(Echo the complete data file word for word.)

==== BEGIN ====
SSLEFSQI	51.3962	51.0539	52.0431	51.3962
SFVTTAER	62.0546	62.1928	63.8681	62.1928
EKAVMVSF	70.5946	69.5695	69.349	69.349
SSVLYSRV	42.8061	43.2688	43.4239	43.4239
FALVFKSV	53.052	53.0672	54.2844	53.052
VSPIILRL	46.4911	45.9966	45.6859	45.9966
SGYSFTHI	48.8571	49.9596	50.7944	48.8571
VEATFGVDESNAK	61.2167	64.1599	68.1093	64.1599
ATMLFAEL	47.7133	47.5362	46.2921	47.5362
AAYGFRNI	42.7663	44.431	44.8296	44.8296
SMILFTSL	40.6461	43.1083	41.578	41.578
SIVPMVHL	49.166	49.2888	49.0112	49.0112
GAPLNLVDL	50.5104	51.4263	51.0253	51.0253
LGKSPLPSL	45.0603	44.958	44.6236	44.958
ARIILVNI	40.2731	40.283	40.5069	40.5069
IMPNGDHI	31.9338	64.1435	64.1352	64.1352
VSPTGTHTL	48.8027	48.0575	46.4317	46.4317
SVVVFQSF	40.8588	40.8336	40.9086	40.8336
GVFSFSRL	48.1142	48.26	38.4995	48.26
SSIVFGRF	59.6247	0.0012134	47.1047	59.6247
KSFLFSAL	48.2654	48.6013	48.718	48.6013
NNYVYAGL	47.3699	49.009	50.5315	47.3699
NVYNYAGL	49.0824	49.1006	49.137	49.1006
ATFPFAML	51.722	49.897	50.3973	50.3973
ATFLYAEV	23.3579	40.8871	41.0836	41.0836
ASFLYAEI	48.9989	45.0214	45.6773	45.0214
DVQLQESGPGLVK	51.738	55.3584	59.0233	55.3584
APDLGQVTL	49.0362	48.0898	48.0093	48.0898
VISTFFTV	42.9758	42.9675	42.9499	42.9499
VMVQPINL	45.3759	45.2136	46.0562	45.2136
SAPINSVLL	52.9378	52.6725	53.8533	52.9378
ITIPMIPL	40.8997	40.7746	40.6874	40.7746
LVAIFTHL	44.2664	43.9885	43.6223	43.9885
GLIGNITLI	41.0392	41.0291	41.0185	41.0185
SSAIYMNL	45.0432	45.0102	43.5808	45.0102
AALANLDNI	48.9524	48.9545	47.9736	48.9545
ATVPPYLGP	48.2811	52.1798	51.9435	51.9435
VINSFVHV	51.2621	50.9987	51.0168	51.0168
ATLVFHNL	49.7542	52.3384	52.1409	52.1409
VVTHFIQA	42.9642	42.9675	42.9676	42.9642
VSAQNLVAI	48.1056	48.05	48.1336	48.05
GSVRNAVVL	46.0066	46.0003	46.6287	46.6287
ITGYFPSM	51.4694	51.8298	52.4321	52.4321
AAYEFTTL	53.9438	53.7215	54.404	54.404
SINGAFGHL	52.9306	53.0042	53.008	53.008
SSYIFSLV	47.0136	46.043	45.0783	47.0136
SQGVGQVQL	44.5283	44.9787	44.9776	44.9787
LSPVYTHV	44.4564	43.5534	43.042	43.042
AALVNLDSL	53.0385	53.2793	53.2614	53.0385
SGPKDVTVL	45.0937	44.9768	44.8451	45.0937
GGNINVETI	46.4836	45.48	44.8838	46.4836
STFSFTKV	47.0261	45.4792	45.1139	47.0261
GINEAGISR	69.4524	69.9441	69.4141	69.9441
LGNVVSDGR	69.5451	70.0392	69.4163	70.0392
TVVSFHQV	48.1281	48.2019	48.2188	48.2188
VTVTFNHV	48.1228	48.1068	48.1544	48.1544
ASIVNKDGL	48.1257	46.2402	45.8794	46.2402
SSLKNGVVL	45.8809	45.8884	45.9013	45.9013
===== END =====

SSLEFSQI	51.3962	51.0539	52.0431	51.3962
SFVTTAER	62.0546	62.1928	63.8681	62.1928
EKAVMVSF	70.5946	69.5695	69.349	69.349
SSVLYSRV	42.8061	43.2688	43.4239	43.4239
FALVFKSV	53.052	53.0672	54.2844	53.052
VSPIILRL	46.4911	45.9966	45.6859	45.9966
SGYSFTHI	48.8571	49.9596	50.7944	48.8571
VEATFGVDESNAK	61.2167	64.1599	68.1093	64.1599
ATMLFAEL	47.7133	47.5362	46.2921	47.5362
AAYGFRNI	42.7663	44.431	44.8296	44.8296
SMILFTSL	40.6461	43.1083	41.578	41.578
SIVPMVHL	49.166	49.2888	49.0112	49.0112
GAPLNLVDL	50.5104	51.4263	51.0253	51.0253
LGKSPLPSL	45.0603	44.958	44.6236	44.958
ARIILVNI	40.2731	40.283	40.5069	40.5069
IMPNGDHI	31.9338	64.1435	64.1352	64.1352
VSPTGTHTL	48.8027	48.0575	46.4317	46.4317
SVVVFQSF	40.8588	40.8336	40.9086	40.8336
GVFSFSRL	48.1142	48.26	38.4995	48.26
SSIVFGRF	59.6247	0.0012134	47.1047	59.6247
KSFLFSAL	48.2654	48.6013	48.718	48.6013
NNYVYAGL	47.3699	49.009	50.5315	47.3699
NVYNYAGL	49.0824	49.1006	49.137	49.1006
ATFPFAML	51.722	49.897	50.3973	50.3973
ATFLYAEV	23.3579	40.8871	41.0836	41.0836
ASFLYAEI	48.9989	45.0214	45.6773	45.0214
DVQLQESGPGLVK	51.738	55.3584	59.0233	55.3584
APDLGQVTL	49.0362	48.0898	48.0093	48.0898
VISTFFTV	42.9758	42.9675	42.9499	42.9499
VMVQPINL	45.3759	45.2136	46.0562	45.2136
SAPINSVLL	52.9378	52.6725	53.8533	52.9378
ITIPMIPL	40.8997	40.7746	40.6874	40.7746
LVAIFTHL	44.2664	43.9885	43.6223	43.9885
GLIGNITLI	41.0392	41.0291	41.0185	41.0185
SSAIYMNL	45.0432	45.0102	43.5808	45.0102
AALANLDNI	48.9524	48.9545	47.9736	48.9545
ATVPPYLGP	48.2811	52.1798	51.9435	51.9435
VINSFVHV	51.2621	50.9987	51.0168	51.0168
ATLVFHNL	49.7542	52.3384	52.1409	52.1409
VVTHFIQA	42.9642	42.9675	42.9676	42.9642
VSAQNLVAI	48.1056	48.05	48.1336	48.05
GSVRNAVVL	46.0066	46.0003	46.6287	46.6287
ITGYFPSM	51.4694	51.8298	52.4321	52.4321
AAYEFTTL	53.9438	53.7215	54.404	54.404
SINGAFGHL	52.9306	53.0042	53.008	53.008
SSYIFSLV	47.0136	46.043	45.0783	47.0136
SQGVGQVQL	44.5283	44.9787	44.9776	44.9787
LSPVYTHV	44.4564	43.5534	43.042	43.042
AALVNLDSL	53.0385	53.2793	53.2614	53.0385
SGPKDVTVL	45.0937	44.9768	44.8451	45.0937
GGNINVETI	46.4836	45.48	44.8838	46.4836
STFSFTKV	47.0261	45.4792	45.1139	47.0261
GINEAGISR	69.4524	69.9441	69.4141	69.9441
LGNVVSDGR	69.5451	70.0392	69.4163	70.0392
TVVSFHQV	48.1281	48.2019	48.2188	48.2188
VTVTFNHV	48.1228	48.1068	48.1544	48.1544
ASIVNKDGL	48.1257	46.2402	45.8794	46.2402
SSLKNGVVL	45.8809	45.8884	45.9013	45.9013